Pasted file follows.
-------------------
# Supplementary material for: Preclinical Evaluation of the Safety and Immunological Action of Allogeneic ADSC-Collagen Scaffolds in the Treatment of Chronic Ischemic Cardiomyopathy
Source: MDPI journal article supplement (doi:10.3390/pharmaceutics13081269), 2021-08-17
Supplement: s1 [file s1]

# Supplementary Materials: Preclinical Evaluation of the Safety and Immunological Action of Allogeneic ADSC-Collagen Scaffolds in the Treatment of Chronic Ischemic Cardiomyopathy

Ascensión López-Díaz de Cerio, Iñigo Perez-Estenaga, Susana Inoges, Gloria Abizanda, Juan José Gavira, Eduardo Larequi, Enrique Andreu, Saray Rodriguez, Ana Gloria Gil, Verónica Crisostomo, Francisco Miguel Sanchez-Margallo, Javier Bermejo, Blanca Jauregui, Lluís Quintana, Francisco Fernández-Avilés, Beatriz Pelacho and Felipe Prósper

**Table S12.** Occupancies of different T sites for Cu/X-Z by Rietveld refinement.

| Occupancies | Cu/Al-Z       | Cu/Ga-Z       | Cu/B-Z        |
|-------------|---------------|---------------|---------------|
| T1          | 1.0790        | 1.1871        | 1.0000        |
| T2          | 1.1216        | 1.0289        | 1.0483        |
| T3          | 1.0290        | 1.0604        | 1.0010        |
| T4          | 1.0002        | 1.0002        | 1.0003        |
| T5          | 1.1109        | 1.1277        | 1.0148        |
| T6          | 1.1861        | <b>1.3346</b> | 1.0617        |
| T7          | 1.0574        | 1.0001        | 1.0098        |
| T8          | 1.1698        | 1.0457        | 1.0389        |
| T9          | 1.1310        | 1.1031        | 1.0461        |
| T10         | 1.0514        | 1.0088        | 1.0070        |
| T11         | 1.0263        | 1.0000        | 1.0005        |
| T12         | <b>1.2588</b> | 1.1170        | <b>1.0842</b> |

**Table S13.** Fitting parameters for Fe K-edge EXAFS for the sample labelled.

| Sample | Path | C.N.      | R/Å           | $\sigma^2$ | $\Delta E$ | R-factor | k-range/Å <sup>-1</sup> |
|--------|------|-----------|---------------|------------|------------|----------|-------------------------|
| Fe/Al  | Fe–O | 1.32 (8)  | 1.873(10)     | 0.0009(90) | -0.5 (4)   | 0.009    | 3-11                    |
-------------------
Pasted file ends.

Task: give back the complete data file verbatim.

# Supplementary material for: Preclinical Evaluation of the Safety and Immunological Action of Allogeneic ADSC-Collagen Scaffolds in the Treatment of Chronic Ischemic Cardiomyopathy
Source: MDPI journal article supplement (doi:10.3390/pharmaceutics13081269), 2021-08-17
Supplement: s1 [file s1]

# Supplementary Materials: Preclinical Evaluation of the Safety and Immunological Action of Allogeneic ADSC-Collagen Scaffolds in the Treatment of Chronic Ischemic Cardiomyopathy

Ascensión López-Díaz de Cerio, Iñigo Perez-Estenaga, Susana Inoges, Gloria Abizanda, Juan José Gavira, Eduardo Larequi, Enrique Andreu, Saray Rodriguez, Ana Gloria Gil, Verónica Crisostomo, Francisco Miguel Sanchez-Margallo, Javier Bermejo, Blanca Jauregui, Lluís Quintana, Francisco Fernández-Avilés, Beatriz Pelacho and Felipe Prósper

**Table S12.** Occupancies of different T sites for Cu/X-Z by Rietveld refinement.

| Occupancies | Cu/Al-Z       | Cu/Ga-Z       | Cu/B-Z        |
|-------------|---------------|---------------|---------------|
| T1          | 1.0790        | 1.1871        | 1.0000        |
| T2          | 1.1216        | 1.0289        | 1.0483        |
| T3          | 1.0290        | 1.0604        | 1.0010        |
| T4          | 1.0002        | 1.0002        | 1.0003        |
| T5          | 1.1109        | 1.1277        | 1.0148        |
| T6          | 1.1861        | <b>1.3346</b> | 1.0617        |
| T7          | 1.0574        | 1.0001        | 1.0098        |
| T8          | 1.1698        | 1.0457        | 1.0389        |
| T9          | 1.1310        | 1.1031        | 1.0461        |
| T10         | 1.0514        | 1.0088        | 1.0070        |
| T11         | 1.0263        | 1.0000        | 1.0005        |
| T12         | <b>1.2588</b> | 1.1170        | <b>1.0842</b> |

**Table S13.** Fitting parameters for Fe K-edge EXAFS for the sample labelled.

| Sample | Path | C.N.      | R/Å           | $\sigma^2$ | $\Delta E$ | R-factor | k-range/Å <sup>-1</sup> |
|--------|------|-----------|---------------|------------|------------|----------|-------------------------|
| Fe/Al  | Fe–O | 1.32 (8)  | 1.873(10)     | 0.0009(90) | -0.5 (4)   | 0.009    | 3-11                    |